Updated 2014-11-30 21:07:27 by ND

Lambda is the name for the letter "L" in the Greek alphabet. Since Alonzo Church's Lambda calculus. It is also the term for anonymous functions.

In Tcl (since 8.5?), a lambda is an anonymous command prefix whose first word is apply. The lambda package in Tcllib provides an appropriate implementation, as follows:
proc lambda {arguments body args} {
    return [list ::apply [list $arguments $body] {*}$args]

proc lambda@ {ns arguments body args} {
    return [list ::apply [list $arguments $body $ns] {*}$args]

See Also  edit

Lambda in Tcl
lambda in tcl8.5
Lambda, Why and How
Lightweight Lambda
Functions as Values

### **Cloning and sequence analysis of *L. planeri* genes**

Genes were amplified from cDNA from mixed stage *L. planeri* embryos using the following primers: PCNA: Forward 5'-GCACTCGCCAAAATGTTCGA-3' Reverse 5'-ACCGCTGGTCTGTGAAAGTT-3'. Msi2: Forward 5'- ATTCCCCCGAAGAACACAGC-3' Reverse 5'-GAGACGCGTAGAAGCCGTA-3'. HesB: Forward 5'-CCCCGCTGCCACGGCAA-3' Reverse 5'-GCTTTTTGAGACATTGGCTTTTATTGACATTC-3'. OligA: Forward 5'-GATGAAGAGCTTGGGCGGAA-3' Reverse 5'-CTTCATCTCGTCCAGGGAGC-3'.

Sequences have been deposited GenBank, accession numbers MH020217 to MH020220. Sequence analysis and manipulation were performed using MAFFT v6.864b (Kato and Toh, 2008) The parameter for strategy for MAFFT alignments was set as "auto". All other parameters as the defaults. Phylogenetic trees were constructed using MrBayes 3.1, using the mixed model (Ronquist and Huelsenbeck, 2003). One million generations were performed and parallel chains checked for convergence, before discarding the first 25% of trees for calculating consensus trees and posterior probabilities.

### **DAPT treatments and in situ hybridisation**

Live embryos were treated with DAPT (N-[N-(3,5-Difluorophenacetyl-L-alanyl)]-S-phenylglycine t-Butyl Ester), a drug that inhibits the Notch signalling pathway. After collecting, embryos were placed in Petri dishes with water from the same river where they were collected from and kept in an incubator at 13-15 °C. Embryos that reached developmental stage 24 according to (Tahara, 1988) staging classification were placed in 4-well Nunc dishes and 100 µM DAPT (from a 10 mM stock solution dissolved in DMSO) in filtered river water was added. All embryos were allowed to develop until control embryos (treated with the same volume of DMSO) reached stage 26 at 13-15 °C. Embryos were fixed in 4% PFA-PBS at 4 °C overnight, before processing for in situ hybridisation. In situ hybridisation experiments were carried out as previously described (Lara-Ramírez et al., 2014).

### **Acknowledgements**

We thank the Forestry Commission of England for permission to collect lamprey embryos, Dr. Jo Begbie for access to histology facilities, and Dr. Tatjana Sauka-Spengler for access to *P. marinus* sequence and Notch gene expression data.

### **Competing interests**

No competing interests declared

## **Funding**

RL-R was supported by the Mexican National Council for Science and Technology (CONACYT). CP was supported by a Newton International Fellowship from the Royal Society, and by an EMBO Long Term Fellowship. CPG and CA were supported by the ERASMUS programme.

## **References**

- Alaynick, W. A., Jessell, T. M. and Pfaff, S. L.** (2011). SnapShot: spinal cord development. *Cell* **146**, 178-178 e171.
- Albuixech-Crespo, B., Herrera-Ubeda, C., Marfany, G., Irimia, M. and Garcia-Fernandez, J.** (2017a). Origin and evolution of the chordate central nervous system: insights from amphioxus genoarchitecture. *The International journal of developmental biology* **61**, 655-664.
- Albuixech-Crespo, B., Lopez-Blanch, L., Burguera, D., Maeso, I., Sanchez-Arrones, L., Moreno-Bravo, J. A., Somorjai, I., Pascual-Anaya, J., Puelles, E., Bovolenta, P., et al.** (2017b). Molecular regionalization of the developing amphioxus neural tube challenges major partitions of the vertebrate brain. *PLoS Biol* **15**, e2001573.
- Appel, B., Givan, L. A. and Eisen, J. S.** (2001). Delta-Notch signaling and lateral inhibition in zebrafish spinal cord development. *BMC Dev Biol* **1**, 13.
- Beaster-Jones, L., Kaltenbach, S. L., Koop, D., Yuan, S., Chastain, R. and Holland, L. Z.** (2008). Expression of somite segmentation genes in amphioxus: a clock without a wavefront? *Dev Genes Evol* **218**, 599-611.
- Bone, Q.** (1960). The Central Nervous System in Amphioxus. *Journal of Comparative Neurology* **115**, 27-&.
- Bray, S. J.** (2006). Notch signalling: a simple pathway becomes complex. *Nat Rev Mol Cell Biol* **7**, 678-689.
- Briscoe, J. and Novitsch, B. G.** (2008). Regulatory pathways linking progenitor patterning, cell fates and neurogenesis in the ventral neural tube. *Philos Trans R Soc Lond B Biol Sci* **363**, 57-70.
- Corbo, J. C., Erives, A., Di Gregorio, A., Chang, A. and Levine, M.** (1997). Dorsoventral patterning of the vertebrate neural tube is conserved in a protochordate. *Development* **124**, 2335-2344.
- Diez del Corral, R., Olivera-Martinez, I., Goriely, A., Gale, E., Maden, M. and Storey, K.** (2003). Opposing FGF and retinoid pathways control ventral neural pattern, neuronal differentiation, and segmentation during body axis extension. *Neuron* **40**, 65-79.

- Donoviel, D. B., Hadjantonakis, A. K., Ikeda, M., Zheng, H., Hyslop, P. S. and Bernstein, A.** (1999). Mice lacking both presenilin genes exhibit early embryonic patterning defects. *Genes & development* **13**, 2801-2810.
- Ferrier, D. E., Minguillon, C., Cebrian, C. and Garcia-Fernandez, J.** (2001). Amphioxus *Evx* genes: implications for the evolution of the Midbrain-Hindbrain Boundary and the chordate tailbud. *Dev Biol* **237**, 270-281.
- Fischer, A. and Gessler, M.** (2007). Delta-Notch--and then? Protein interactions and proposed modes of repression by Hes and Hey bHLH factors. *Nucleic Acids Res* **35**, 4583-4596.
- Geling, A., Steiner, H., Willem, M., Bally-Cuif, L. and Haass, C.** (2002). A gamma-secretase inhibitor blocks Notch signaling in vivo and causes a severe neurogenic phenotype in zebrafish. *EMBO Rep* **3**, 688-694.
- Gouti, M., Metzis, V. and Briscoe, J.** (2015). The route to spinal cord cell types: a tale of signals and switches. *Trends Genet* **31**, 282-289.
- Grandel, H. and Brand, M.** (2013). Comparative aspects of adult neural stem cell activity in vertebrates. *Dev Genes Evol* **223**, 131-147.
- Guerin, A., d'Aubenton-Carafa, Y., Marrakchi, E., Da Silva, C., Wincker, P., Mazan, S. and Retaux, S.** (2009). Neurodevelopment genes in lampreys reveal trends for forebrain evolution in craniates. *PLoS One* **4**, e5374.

Tip 187, Procedures as Values (rejected)

Reference  edit

Lambda: The Ultimate Imperative, Guy Lewis Steele Jr., 1976-03-10
Lambda: the ultimate declarative, Guy Lewis Steele Jr, 1976-11
My Favorite Calculus: Lambda (part 1), MarkCC, 2006
The Genius of Alonzo Church: Numbers in Lambda Calculus, MarkCC, 2006-06-15

Description  edit

Richard Suchenwirth et al:

f(x) = x+1

is not much different from
g(x) = x+1

except for the f/g difference, which are both arbitrary names. The common essence of the above functions, ignoring the name, is just
(x) = x+1

or in other words, "given x, return x+1". In Tcl, this looks like
lambda x {expr {$x+1}}

and it's easy to implement - see Lambda in Tcl and Lambda in Tcl8.5.

To have lambdas directly, one change to Tcl would be:

  • If a command name is a list of length three, with lambda as first element, bind its arguments to the second element of the list, and then evaluate the third element in that scope.

As long as we don't have this, a simple way is to make up a name for a proc:
proc lambda {argl body} {
    set name [info level 0]
    proc $name $argl $body